The 5 percent reduction is calculated after DoD determines the BAH rates for the individual locations. They calculate a weighted national average of those local rates, and use the weighted national average rates to determine the dollar amount of reduction for each BAH rate to equal a 5 percent reduction.
The BAH rates are reduced by a set dollar amount, regardless of where the service member is stationed. DoD contends calculating the reductions in this way is more equitable, the GAO auditors stated, because it ensures the amount coming out of pocket for the service member is the same across any given pay grade and dependency status, regardless of where in the U.S. a service member is stationed.
That does mean that the percentage of the actual reduction varies by location. Service members in more expensive areas where the BAH was greater than the national average see a lower percentage of decrease in their BAH than those living in lower-cost areas. Using GAO’s examples, the $102 per month reduction equals a 2-percent BAH reduction for the E6 with dependents in San Francisco; and about a 10-percent BAH reduction for an E6 with dependents living in Johnstown, Pa.
Examples of how much the BAH reduction cost troops in 2020:
|With Dependents||Without dependents|
|E1-E4||$84 per month/$1,008 per year||$69 per month/$828 per year|
|E6||$102 per month/$1,224 per year||$87 per month/$1,044 per year|
|E7||$104 per month/$1,248 per year||$89 per month/$1,068 per year|
|O2||$96 per month/$1,152 per year||$87 per month/$1,044 per year|
|O4||$127 per month/$1,524 per year||$112 per month/$1,344 per year|
|O6||$143 per month/$1,716 per year||$127 per month/$1,524 per year|
|O7-O10:||$148 per month/$1,776 per year||$132 per year/$1,584 per year|
|Source:||GAO analysis of DoD data|
Privatized housing landlords get compensation for BAH reductions
Meanwhile, concerns were raised about how these reductions in BAH would affect the financial viability of privatized housing projects, which rely on service members’ rent as their primary source of income.
In fiscal years 2018, 2019, and 2020, Congress required the military to make payments to the privatized housing projects to offset the BAH reductions.
“The fact that subsidy payments are paid to [privatized housing projects’ to offset the BAH reduction …. I don’t think that’s well-known” among troops and families, said Sarah Kline, an Army wife and housing advocate for the Military Housing Advocacy Network. “It doesn’t feel fair to the service members living off base in the civilian community, forced to deal with the reduced [BAH] rates.”
About two-thirds of families live off base, either by choice, or because on-base housing isn’t available. “Military families who do not have a choice to live on installation may find the BAH reduction and investment in [the privatized housing projects to offset BAH reductions] unfair,” MOAA’s Merry said. “Long waiting lists on installations where housing demand exceeds supply often results in expensive out-of-pocket options off base.”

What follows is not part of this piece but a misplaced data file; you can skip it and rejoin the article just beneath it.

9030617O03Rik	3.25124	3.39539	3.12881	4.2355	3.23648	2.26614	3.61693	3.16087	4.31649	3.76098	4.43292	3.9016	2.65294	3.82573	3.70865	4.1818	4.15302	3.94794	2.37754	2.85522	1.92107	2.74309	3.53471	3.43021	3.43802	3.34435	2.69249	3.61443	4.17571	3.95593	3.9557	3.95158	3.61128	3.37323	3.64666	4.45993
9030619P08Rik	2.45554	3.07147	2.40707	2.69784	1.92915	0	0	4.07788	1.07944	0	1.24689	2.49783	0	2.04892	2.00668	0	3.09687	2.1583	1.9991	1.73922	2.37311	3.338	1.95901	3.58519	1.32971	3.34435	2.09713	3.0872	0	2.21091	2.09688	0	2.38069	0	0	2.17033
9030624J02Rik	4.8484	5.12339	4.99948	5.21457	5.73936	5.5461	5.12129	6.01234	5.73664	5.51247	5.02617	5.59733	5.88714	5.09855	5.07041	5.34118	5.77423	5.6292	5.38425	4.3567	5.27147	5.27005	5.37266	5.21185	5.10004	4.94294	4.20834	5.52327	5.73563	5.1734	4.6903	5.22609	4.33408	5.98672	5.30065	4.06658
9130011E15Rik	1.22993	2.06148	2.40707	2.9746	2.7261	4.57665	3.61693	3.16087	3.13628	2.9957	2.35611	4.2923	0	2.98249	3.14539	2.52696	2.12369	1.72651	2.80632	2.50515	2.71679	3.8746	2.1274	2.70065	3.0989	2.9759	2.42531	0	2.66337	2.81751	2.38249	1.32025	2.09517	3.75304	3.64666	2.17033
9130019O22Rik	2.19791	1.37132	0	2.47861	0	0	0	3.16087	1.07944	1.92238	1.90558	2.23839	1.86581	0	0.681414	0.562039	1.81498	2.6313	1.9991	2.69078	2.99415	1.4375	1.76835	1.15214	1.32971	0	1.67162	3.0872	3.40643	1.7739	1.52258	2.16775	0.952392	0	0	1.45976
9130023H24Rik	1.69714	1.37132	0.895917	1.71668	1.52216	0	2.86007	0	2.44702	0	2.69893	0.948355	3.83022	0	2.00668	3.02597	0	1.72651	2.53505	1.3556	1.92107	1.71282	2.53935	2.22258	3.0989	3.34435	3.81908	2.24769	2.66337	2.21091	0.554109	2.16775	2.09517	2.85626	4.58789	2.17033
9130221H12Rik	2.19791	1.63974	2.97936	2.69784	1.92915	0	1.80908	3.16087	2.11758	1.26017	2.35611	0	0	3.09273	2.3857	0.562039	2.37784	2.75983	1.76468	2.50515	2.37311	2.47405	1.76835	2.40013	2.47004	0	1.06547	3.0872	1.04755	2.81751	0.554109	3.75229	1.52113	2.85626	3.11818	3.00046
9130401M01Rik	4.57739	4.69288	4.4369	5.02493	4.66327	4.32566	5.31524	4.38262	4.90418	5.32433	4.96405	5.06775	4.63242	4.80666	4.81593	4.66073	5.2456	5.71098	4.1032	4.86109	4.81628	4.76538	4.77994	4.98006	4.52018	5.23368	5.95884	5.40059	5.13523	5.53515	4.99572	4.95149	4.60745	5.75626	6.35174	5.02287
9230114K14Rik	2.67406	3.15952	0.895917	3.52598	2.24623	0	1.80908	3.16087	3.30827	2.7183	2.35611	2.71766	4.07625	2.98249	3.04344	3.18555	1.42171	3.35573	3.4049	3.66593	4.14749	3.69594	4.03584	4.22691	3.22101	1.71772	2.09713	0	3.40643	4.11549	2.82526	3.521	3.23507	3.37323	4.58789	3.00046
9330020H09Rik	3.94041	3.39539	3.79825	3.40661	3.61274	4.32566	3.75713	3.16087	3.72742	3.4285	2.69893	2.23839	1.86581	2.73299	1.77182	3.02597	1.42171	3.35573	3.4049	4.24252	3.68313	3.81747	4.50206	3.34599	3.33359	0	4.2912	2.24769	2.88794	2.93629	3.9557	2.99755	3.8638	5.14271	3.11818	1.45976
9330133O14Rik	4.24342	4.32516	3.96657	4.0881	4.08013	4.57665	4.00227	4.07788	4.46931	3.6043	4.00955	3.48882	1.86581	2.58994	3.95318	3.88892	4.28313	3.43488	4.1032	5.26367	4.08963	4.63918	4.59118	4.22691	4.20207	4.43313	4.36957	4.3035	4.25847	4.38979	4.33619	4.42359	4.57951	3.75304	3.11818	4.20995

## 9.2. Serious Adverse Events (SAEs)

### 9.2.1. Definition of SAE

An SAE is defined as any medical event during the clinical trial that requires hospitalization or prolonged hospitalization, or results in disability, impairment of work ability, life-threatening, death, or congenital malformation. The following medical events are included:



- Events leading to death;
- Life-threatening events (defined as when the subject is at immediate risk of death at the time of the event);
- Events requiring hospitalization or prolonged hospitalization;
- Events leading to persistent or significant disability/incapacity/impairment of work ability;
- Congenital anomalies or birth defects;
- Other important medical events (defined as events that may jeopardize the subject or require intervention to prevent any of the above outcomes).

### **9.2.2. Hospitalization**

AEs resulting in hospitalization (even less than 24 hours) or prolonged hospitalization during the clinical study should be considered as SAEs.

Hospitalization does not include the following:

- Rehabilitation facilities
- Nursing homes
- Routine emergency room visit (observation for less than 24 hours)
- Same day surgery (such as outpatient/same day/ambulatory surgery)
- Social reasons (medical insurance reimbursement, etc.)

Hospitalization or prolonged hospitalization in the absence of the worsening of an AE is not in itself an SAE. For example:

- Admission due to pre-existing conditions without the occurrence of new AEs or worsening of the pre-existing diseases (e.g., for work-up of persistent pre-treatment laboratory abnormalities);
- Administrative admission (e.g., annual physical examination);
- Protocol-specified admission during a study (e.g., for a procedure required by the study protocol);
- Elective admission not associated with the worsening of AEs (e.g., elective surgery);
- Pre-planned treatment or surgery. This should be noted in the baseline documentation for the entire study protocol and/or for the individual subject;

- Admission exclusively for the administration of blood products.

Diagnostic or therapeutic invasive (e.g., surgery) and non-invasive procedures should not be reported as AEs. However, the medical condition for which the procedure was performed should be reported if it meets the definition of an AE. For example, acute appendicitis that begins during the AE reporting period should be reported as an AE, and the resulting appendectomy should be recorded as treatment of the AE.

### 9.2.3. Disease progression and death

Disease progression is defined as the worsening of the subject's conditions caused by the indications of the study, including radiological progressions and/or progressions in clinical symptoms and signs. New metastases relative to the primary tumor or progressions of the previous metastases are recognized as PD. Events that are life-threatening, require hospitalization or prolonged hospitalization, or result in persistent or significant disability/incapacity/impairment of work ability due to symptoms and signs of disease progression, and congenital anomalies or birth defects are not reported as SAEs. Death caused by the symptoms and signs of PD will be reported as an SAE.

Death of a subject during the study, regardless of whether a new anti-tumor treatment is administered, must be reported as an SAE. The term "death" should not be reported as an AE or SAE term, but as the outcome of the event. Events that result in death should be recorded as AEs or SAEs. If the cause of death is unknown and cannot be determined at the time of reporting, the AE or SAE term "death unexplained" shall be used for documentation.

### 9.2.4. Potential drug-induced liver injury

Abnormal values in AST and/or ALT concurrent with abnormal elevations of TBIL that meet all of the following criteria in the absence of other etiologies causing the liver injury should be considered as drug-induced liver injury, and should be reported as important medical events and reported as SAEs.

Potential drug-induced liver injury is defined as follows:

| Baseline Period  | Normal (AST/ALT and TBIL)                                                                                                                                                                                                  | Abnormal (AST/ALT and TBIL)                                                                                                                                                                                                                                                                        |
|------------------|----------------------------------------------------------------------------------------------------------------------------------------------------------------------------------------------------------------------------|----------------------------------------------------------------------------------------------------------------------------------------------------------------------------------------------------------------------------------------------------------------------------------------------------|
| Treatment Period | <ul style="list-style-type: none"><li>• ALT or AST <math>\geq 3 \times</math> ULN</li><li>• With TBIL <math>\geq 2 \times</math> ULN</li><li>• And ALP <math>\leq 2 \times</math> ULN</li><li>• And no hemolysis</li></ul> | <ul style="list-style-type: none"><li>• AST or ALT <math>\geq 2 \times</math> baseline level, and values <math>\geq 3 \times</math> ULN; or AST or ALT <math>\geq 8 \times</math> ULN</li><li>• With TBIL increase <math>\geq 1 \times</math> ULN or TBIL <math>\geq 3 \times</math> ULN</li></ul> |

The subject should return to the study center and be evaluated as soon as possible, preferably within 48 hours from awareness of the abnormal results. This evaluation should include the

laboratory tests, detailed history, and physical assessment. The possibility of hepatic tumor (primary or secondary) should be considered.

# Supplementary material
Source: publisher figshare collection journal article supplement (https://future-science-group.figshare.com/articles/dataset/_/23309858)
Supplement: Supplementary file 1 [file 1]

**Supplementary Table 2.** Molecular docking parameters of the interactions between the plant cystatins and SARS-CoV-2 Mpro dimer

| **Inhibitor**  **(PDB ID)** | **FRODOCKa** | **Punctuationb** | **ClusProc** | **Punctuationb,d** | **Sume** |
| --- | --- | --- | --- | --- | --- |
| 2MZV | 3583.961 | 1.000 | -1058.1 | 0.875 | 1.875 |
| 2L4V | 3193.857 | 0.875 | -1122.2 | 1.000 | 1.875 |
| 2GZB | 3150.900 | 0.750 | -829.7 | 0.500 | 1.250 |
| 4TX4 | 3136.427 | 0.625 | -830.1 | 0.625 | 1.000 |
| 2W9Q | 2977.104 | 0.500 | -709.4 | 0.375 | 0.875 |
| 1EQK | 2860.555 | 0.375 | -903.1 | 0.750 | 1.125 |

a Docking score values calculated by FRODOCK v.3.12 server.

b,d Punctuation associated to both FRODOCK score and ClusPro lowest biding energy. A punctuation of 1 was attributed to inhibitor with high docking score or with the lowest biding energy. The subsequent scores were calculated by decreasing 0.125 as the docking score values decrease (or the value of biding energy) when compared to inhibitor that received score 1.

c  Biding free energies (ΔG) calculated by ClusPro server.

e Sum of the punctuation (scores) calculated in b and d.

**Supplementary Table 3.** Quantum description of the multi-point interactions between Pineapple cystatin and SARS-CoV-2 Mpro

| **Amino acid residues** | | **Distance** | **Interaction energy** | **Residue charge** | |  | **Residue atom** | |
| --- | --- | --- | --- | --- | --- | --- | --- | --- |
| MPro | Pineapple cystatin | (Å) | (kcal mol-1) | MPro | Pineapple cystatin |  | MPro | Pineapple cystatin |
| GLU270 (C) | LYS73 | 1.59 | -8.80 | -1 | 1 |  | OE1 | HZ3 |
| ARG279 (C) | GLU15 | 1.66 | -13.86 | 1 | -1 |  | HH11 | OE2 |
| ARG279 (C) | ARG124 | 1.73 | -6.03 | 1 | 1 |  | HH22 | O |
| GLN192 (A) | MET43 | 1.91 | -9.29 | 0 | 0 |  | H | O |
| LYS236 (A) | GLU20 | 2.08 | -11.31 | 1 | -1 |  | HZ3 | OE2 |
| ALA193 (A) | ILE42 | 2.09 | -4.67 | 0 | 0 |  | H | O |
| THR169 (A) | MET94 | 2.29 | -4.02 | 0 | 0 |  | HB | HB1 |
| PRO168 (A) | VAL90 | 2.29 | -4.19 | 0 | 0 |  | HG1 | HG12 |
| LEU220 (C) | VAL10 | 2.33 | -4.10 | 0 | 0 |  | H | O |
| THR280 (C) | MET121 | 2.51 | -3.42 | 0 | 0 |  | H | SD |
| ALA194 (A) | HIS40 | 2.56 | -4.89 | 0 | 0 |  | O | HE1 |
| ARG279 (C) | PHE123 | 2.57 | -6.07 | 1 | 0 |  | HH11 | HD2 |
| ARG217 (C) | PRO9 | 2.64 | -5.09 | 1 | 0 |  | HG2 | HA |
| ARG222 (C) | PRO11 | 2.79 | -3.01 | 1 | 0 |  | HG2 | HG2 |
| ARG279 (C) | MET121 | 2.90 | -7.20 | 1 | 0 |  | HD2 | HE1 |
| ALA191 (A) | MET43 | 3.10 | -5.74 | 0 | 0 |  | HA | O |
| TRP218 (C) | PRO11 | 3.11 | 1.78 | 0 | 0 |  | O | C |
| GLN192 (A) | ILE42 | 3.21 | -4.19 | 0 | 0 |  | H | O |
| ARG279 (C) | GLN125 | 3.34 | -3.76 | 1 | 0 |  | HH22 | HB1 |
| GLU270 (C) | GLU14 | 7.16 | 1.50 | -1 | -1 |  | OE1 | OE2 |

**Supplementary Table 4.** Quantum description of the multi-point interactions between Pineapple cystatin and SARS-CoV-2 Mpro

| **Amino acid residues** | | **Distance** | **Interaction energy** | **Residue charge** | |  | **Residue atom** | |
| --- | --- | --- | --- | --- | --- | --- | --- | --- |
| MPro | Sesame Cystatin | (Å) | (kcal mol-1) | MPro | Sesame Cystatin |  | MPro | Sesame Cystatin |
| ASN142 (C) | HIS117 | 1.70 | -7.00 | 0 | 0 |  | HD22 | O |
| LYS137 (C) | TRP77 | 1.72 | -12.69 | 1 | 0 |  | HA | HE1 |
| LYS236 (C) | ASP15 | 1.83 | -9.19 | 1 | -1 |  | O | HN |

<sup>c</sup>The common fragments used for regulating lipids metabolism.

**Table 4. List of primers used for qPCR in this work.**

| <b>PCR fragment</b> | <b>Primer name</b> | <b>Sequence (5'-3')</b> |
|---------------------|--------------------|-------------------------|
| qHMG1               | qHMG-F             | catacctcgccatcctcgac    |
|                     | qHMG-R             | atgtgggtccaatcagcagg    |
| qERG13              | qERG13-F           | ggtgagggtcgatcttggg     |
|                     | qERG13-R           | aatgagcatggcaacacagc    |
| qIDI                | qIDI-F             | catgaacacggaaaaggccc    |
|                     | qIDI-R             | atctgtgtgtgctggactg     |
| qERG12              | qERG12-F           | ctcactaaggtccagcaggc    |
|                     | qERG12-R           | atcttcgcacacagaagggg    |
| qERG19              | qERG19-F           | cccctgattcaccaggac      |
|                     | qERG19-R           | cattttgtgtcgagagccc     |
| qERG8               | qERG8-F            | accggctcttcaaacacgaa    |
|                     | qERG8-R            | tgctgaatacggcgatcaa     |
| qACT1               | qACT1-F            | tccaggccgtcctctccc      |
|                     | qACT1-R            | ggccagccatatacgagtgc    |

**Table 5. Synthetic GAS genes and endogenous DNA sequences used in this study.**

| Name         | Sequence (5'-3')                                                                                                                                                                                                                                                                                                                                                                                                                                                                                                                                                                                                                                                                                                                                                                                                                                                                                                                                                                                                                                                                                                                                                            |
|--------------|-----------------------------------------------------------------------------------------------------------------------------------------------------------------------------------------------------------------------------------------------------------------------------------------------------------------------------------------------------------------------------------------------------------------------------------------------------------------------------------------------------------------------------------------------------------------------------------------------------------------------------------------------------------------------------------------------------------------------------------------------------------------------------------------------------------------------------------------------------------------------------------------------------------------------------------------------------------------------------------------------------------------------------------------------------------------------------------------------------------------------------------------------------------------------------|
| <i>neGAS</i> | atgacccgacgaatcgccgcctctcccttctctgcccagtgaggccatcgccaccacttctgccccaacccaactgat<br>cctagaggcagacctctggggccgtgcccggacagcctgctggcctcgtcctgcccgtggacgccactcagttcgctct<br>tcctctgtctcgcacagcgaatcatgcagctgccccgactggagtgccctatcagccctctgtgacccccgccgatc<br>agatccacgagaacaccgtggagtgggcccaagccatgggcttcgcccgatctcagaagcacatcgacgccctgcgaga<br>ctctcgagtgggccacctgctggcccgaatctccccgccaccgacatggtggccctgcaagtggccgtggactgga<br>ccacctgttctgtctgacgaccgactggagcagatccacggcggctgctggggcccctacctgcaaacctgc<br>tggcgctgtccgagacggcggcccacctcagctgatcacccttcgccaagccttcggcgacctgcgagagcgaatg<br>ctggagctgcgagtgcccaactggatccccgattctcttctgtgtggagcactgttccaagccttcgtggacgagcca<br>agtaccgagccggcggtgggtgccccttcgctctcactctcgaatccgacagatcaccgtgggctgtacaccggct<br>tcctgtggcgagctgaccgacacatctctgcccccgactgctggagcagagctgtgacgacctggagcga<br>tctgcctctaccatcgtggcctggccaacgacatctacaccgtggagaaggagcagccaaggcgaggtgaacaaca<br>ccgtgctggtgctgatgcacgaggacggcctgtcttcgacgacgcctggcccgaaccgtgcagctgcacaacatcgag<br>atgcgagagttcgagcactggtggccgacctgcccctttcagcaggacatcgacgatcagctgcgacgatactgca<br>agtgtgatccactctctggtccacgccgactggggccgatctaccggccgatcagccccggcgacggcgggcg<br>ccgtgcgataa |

In their Jan. 26 report, auditors found problems with the congressionally-mandated method for calculating the payments to the projects. Because the payments to the projects are based on the local BAH rate, and the BAH reductions are based on a national weighted average BAH rate, it causes a “distortion” that gives some privatized housing projects more money or less money than Congress intended, auditors stated.
Auditors found that six privatized housing projects received more than $1 million greater than the estimated amount of BAH reductions of the service members in their communities. Yet six other projects received more than $1 million less than the estimated amount of BAH reductions. GAO hasn’t released information on the specific projects.
“For those living on base in privatized housing, the impacts of the reduction have been mixed,” Field said. “As we found, there have been some instances in which DoD did not provide enough funds to privatized housing developments to make up for the reduction in BAH. In these cases, that meant less funding available to help maintain quality housing, a concern that Congress and others have been focused on in recent years.
“We also found instances in which DoD provided more funds than needed.” Auditors recommended that Congress take steps to fix this methodology.
Kline said she is concerned about locations where the military privatized housing landlords were under-compensated for the BAH reduction, and how it affects military families living in those housing areas.
In 2019, DoD’s reduction in BAH for troops specifically living in privatized housing saved DoD about $193 million. That same year, DoD made congressionally mandated payments to private housing landlords of $198 million to offset the losses.
Overall, the Army’s and Air Force’s payments to privatized housing projects on their installations were $3.4 million and $3.5 million less, respectively, than the total BAH reduction, indicating underpayments to some projects. The Navy’s and Marine Corps’ overall payments to projects were greater than the BAH reduction, by $9 million and $2.7 million.